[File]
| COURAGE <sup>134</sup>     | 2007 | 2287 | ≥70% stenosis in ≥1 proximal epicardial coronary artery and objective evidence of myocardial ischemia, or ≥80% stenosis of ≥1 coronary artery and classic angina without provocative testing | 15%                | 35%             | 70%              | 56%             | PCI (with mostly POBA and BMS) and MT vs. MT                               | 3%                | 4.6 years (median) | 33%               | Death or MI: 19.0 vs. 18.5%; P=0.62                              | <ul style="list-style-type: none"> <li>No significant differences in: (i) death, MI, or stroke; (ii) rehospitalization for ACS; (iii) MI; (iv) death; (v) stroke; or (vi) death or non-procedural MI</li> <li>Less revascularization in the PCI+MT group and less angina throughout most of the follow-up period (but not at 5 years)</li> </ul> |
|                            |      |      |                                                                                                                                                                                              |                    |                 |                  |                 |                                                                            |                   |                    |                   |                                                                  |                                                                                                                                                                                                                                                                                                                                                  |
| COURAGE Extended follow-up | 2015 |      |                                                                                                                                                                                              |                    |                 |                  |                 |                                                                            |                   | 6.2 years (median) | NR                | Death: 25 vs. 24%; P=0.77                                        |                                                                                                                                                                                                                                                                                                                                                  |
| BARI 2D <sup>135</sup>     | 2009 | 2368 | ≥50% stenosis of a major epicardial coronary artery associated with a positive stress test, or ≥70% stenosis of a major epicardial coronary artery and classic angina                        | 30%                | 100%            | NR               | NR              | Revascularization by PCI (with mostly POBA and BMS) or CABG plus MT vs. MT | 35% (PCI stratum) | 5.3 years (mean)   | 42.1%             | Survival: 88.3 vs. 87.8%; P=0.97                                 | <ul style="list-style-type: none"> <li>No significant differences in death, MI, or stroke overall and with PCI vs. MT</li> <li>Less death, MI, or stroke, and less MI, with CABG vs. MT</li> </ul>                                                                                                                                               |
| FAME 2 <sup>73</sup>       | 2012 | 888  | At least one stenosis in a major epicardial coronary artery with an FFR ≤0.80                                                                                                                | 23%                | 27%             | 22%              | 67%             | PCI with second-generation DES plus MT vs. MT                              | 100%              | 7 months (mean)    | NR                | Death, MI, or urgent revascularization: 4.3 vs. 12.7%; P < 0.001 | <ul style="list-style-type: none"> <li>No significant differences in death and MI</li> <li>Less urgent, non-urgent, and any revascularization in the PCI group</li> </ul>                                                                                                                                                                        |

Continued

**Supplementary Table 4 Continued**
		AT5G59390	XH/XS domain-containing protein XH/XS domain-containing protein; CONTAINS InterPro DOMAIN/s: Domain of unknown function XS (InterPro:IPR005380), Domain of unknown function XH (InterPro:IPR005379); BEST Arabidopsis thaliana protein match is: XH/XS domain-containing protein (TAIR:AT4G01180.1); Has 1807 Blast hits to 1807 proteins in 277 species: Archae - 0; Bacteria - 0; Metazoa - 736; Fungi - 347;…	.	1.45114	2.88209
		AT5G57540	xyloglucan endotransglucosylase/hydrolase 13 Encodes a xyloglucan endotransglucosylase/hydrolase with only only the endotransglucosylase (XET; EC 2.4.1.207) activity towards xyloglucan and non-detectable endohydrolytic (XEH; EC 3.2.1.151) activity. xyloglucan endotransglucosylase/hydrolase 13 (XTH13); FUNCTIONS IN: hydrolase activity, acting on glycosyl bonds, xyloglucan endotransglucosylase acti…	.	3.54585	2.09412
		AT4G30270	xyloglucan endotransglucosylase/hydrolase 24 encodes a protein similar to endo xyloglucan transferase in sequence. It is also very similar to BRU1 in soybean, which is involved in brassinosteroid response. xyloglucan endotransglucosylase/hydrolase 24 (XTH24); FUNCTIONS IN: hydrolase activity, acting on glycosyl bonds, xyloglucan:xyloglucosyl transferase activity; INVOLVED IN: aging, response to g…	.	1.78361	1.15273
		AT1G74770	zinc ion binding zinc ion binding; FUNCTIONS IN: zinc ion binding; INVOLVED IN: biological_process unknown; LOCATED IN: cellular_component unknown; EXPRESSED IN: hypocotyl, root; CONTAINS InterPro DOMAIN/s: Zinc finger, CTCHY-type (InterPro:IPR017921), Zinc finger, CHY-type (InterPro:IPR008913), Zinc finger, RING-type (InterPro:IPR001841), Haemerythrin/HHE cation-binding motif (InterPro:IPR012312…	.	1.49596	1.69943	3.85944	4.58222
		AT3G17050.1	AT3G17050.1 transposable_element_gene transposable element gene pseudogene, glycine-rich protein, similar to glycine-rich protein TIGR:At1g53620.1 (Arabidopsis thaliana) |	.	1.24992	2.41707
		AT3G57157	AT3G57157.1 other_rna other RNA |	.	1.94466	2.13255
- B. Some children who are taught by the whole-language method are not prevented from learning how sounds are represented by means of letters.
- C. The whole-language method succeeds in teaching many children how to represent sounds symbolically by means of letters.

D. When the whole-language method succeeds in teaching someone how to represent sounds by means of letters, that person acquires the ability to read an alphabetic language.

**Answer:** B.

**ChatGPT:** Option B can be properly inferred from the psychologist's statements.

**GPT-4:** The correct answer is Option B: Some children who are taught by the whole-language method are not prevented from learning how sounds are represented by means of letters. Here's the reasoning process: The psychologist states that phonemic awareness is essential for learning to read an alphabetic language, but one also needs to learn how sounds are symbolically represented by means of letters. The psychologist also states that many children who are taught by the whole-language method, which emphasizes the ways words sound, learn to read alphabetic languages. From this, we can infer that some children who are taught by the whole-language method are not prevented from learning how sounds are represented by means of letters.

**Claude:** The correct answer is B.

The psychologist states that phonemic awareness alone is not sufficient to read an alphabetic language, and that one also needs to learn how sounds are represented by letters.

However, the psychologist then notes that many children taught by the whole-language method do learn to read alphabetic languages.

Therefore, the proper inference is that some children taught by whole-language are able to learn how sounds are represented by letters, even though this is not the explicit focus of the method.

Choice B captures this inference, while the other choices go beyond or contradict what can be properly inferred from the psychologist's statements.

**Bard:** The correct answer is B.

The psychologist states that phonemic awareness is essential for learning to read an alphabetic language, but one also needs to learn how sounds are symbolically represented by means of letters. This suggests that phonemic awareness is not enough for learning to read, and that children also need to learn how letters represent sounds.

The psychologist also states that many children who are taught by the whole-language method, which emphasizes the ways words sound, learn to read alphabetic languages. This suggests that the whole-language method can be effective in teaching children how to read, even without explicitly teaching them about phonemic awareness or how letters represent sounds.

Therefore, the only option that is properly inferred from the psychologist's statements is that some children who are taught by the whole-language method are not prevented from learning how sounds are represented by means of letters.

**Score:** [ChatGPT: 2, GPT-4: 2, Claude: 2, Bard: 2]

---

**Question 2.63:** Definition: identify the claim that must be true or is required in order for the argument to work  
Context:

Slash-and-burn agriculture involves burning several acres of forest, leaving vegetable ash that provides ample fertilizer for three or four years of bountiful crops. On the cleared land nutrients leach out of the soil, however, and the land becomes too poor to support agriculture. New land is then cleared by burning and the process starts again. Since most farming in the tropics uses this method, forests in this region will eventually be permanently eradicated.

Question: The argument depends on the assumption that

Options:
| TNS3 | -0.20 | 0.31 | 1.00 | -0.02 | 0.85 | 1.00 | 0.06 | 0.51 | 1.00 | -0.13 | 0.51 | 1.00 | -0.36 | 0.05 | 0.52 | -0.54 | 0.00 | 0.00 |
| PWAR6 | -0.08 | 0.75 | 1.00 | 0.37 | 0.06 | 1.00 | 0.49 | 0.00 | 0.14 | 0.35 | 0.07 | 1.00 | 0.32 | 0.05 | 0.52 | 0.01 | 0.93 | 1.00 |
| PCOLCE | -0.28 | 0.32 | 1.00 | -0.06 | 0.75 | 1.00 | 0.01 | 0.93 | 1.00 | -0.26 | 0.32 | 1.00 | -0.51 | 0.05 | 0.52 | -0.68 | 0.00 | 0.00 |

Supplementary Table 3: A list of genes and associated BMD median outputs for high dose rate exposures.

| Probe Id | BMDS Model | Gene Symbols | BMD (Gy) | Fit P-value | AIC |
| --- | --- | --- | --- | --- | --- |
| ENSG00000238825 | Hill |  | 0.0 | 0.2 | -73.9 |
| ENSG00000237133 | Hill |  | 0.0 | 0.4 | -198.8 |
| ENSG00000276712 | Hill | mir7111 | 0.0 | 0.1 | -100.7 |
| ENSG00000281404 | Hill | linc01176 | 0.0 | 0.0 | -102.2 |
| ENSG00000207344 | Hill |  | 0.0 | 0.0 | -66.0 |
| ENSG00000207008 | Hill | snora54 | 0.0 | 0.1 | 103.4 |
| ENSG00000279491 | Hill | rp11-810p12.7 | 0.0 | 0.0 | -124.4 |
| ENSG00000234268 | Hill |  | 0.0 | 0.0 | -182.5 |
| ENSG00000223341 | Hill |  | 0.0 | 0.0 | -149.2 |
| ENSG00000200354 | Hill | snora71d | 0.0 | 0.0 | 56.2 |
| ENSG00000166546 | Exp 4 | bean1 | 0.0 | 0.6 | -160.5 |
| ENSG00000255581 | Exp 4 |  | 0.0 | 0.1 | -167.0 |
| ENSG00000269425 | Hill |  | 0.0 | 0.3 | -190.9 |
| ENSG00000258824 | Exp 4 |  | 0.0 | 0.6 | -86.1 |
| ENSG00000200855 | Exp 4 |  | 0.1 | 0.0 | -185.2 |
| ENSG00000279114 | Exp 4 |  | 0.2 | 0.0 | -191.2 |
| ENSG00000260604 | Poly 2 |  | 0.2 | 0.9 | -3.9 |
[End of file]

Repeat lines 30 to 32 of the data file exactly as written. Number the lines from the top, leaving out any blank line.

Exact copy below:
---

**Question 2.63:** Definition: identify the claim that must be true or is required in order for the argument to work  
Context: